Bees and Things

Sometimes when the big picture is just too overwhelming, it’s time to step forward and focus on the little pictures, so trivial and unimportant that they can’t help but provide some relief from whatever else is going on around you.

I did that Wednesday when I returned to the Pt. Defiance Rose Garden to take what are probably the last flower pictures of the year. Yes, the dahlias were still spectacular, but for some reason I got caught up on the large number of insects drawn to the flowers.

The insect world first caught my attention while taking pictures of this Cherubino dahlia, a bee magnet if I’ve ever seen one:

After taking several pictures with several different types of bees,

I decided I have to purchase one or two of these for next year’s garden.

But it wasn’t only the birds and the bees that caught my attention this week. I found myself equally fascinated by the wide variety of insects pollinating plants:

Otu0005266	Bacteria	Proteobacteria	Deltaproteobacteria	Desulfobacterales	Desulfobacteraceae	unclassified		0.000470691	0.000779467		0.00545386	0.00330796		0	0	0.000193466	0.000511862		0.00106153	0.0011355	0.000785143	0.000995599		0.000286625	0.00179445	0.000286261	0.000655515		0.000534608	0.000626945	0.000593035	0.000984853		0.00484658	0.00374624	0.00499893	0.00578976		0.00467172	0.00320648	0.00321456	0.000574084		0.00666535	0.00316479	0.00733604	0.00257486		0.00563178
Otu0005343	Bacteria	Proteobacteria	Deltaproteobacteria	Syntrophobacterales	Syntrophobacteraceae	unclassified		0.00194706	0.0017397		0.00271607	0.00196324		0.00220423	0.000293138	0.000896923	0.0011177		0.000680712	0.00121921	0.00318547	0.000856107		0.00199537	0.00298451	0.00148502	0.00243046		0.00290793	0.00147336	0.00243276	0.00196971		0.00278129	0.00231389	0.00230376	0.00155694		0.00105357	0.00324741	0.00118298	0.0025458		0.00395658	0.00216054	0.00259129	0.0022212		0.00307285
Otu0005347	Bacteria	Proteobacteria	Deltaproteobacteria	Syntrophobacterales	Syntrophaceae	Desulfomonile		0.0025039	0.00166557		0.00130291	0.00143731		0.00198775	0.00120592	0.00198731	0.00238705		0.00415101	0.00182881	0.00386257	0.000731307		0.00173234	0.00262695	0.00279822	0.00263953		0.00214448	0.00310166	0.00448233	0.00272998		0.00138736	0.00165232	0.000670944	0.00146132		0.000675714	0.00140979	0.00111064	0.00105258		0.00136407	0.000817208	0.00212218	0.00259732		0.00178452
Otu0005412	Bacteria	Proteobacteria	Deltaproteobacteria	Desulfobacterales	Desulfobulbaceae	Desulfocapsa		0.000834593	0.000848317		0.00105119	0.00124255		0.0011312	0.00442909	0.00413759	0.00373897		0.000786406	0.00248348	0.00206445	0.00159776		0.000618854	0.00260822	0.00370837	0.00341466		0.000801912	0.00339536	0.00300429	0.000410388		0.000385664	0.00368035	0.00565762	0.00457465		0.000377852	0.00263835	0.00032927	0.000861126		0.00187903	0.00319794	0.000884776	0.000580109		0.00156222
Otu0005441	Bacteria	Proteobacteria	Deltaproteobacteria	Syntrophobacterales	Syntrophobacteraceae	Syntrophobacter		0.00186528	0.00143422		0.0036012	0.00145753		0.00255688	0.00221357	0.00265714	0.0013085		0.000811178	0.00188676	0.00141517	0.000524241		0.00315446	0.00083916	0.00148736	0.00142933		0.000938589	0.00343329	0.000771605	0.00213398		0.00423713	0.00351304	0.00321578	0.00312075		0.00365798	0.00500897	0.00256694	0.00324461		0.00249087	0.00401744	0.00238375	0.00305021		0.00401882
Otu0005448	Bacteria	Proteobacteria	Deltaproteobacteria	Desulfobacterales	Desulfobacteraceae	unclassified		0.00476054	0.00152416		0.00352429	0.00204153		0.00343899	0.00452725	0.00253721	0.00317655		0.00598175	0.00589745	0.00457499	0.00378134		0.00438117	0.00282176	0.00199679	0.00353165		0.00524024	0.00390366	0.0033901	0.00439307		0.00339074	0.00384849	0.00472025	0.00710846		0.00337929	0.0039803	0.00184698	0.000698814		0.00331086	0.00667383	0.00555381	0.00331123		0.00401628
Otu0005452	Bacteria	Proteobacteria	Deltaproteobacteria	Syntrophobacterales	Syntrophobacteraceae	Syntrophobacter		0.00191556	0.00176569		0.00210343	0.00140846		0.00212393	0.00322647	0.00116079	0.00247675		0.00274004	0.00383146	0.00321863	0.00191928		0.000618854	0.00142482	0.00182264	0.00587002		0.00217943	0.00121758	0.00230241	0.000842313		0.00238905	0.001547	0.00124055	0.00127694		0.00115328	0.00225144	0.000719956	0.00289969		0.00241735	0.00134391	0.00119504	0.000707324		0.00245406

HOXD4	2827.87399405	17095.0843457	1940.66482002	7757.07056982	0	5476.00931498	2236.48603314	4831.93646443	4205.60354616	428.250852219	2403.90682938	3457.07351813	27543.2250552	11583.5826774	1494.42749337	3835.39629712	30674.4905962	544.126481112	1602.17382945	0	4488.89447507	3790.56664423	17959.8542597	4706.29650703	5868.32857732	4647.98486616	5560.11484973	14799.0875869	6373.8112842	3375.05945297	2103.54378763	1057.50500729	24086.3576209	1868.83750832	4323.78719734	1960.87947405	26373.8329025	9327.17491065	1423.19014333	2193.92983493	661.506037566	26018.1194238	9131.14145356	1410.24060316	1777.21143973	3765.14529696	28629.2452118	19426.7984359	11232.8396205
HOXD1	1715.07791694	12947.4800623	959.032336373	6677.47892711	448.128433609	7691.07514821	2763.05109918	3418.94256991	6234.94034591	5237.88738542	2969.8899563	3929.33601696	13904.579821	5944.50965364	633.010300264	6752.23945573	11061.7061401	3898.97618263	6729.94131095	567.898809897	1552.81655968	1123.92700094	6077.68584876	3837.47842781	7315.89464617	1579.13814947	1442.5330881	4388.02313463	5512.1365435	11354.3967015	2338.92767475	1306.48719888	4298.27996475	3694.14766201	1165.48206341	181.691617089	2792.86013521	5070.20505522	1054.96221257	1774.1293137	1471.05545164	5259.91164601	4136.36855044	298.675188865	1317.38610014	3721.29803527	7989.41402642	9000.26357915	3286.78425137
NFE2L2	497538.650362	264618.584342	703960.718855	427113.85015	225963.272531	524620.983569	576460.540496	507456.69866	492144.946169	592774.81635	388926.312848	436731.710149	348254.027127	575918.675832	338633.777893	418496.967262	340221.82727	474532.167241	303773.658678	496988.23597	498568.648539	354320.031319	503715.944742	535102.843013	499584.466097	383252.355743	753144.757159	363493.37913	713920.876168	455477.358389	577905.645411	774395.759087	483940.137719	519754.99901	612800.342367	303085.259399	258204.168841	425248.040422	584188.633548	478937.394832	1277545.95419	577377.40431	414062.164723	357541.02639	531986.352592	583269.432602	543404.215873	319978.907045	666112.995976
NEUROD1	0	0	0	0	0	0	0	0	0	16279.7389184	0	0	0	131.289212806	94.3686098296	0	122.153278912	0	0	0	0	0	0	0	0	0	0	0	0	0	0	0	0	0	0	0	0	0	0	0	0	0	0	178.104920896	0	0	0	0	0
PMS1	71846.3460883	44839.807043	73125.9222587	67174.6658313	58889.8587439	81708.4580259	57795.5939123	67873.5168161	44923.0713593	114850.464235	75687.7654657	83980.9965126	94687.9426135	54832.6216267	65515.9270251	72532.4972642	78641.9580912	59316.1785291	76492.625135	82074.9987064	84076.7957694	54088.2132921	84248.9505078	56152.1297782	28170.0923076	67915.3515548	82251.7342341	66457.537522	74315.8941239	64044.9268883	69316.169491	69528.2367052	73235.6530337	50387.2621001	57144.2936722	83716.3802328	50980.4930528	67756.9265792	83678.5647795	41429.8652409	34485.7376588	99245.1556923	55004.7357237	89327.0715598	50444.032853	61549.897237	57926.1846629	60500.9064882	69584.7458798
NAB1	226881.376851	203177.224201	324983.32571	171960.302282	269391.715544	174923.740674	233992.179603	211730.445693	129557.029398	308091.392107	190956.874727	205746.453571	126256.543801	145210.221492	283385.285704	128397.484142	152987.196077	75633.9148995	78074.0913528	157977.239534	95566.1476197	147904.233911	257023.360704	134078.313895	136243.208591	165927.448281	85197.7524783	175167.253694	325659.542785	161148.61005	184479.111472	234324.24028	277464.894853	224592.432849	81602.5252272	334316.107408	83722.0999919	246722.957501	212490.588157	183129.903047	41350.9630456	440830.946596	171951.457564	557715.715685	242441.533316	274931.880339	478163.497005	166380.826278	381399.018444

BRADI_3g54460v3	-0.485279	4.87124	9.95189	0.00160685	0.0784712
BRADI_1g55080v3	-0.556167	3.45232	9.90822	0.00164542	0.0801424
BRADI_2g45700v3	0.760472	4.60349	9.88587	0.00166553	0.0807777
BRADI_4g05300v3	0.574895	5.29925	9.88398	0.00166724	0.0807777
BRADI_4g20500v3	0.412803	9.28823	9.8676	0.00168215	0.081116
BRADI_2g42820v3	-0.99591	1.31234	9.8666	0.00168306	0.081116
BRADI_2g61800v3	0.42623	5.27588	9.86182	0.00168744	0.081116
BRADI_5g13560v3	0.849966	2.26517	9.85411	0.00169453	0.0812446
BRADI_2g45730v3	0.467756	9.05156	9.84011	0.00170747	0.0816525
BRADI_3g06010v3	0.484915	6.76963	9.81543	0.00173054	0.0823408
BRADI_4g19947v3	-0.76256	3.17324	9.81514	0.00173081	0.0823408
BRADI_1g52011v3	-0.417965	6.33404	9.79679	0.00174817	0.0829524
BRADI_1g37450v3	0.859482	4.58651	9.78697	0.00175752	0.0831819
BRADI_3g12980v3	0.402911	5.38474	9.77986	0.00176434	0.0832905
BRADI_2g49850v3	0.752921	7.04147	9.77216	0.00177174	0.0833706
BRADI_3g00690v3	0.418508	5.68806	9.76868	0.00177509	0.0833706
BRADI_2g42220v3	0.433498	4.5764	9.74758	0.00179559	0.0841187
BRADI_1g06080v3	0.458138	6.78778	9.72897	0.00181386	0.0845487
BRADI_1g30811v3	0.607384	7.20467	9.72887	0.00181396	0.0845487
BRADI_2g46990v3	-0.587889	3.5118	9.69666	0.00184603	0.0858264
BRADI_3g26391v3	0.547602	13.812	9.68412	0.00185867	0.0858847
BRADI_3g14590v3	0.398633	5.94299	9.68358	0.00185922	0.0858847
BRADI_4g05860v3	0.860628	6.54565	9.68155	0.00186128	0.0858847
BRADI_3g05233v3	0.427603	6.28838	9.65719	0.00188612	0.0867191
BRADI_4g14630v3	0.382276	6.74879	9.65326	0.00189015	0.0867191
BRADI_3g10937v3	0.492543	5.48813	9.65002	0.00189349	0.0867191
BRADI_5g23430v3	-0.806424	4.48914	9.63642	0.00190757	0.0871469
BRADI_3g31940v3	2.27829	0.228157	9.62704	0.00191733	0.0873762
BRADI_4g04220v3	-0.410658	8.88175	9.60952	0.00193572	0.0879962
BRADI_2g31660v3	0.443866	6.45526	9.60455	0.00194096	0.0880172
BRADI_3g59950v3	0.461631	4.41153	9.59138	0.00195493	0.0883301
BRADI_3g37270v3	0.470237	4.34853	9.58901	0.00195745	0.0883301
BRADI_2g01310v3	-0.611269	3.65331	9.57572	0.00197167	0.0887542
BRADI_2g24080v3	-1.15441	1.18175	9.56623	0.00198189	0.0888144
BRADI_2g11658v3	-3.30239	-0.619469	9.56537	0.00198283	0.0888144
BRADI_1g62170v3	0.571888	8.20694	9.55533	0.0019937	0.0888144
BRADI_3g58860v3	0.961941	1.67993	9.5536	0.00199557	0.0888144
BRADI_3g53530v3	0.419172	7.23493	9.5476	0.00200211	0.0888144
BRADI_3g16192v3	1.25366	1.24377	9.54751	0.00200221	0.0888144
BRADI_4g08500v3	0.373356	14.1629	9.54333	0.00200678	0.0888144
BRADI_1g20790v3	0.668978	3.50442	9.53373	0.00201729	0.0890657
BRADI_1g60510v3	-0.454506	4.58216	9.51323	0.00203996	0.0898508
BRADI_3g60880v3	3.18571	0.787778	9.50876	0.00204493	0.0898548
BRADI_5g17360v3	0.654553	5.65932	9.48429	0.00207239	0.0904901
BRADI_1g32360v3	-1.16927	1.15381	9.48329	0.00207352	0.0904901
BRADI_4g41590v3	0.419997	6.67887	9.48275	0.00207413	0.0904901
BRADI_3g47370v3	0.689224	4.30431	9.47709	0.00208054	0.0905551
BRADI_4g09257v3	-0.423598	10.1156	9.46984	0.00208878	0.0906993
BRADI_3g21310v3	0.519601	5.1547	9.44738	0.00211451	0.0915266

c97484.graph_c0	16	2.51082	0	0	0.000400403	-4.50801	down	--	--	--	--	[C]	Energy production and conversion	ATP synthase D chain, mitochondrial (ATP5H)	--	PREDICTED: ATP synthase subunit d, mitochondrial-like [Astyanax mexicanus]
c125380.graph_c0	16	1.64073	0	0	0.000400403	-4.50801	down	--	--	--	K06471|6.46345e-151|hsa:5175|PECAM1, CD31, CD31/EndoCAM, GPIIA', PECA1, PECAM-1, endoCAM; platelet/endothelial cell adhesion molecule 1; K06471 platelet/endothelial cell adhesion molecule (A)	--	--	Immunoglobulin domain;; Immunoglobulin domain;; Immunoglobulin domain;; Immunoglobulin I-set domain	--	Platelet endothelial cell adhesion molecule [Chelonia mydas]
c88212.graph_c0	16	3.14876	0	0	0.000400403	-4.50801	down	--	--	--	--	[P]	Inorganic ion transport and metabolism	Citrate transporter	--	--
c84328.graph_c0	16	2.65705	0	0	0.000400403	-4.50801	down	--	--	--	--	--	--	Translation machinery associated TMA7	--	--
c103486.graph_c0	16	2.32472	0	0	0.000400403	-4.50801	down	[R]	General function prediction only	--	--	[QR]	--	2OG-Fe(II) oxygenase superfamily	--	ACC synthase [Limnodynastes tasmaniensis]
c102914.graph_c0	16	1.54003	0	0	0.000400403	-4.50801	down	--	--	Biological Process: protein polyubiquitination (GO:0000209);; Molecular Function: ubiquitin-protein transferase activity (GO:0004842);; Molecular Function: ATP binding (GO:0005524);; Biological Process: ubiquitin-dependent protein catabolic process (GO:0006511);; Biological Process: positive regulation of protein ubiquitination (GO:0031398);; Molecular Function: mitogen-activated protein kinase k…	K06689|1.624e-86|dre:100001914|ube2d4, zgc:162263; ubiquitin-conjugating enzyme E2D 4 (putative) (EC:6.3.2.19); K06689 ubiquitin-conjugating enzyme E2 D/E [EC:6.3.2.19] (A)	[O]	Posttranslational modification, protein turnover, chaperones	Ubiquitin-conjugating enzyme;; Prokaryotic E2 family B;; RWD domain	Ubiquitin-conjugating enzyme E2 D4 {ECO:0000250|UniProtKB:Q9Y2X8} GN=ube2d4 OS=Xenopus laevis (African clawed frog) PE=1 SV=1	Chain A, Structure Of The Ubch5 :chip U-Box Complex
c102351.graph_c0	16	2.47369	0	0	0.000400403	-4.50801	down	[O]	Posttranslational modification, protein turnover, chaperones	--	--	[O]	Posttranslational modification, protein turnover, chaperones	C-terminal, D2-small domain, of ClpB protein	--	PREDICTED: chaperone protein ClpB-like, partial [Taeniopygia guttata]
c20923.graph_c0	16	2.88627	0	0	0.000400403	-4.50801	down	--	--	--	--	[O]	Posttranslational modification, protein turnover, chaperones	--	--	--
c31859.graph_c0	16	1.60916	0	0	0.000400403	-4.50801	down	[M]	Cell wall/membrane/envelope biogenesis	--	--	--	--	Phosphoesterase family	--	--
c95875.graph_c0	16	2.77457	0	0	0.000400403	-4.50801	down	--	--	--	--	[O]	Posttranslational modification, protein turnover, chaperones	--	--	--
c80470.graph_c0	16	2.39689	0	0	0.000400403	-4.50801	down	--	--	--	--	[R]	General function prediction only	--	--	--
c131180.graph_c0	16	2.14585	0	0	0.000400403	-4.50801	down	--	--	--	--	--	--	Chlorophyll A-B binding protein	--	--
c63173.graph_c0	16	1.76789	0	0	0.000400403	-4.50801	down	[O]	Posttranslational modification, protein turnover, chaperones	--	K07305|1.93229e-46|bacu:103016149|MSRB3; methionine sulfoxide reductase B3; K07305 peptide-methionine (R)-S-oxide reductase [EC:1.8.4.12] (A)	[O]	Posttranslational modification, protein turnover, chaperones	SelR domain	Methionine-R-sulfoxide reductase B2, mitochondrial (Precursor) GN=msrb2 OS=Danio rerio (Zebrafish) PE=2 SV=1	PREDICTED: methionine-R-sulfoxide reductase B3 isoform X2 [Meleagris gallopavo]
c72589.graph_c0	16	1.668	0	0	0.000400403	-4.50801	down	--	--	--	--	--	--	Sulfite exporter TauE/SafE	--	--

Although I found this iridescent green fly fascinating, there was an even more intriguing black insect around the fuschias that I couldn’t get a picture of no matter how hard I tried. While I’ve been aware of bees importance as pollinators since grade school , I think it’s only recently that I’ve become aware of how diverse pollinators really are.

I must admit I find it comforting that on the micro level, at least, the world still seems to be going about its true business, propagating life, though I’m sure there’s the normal amount of life-taking in the name of propagation. Still, there’s a balance here that’s missing lately in our own world, where death seems to have taken domain.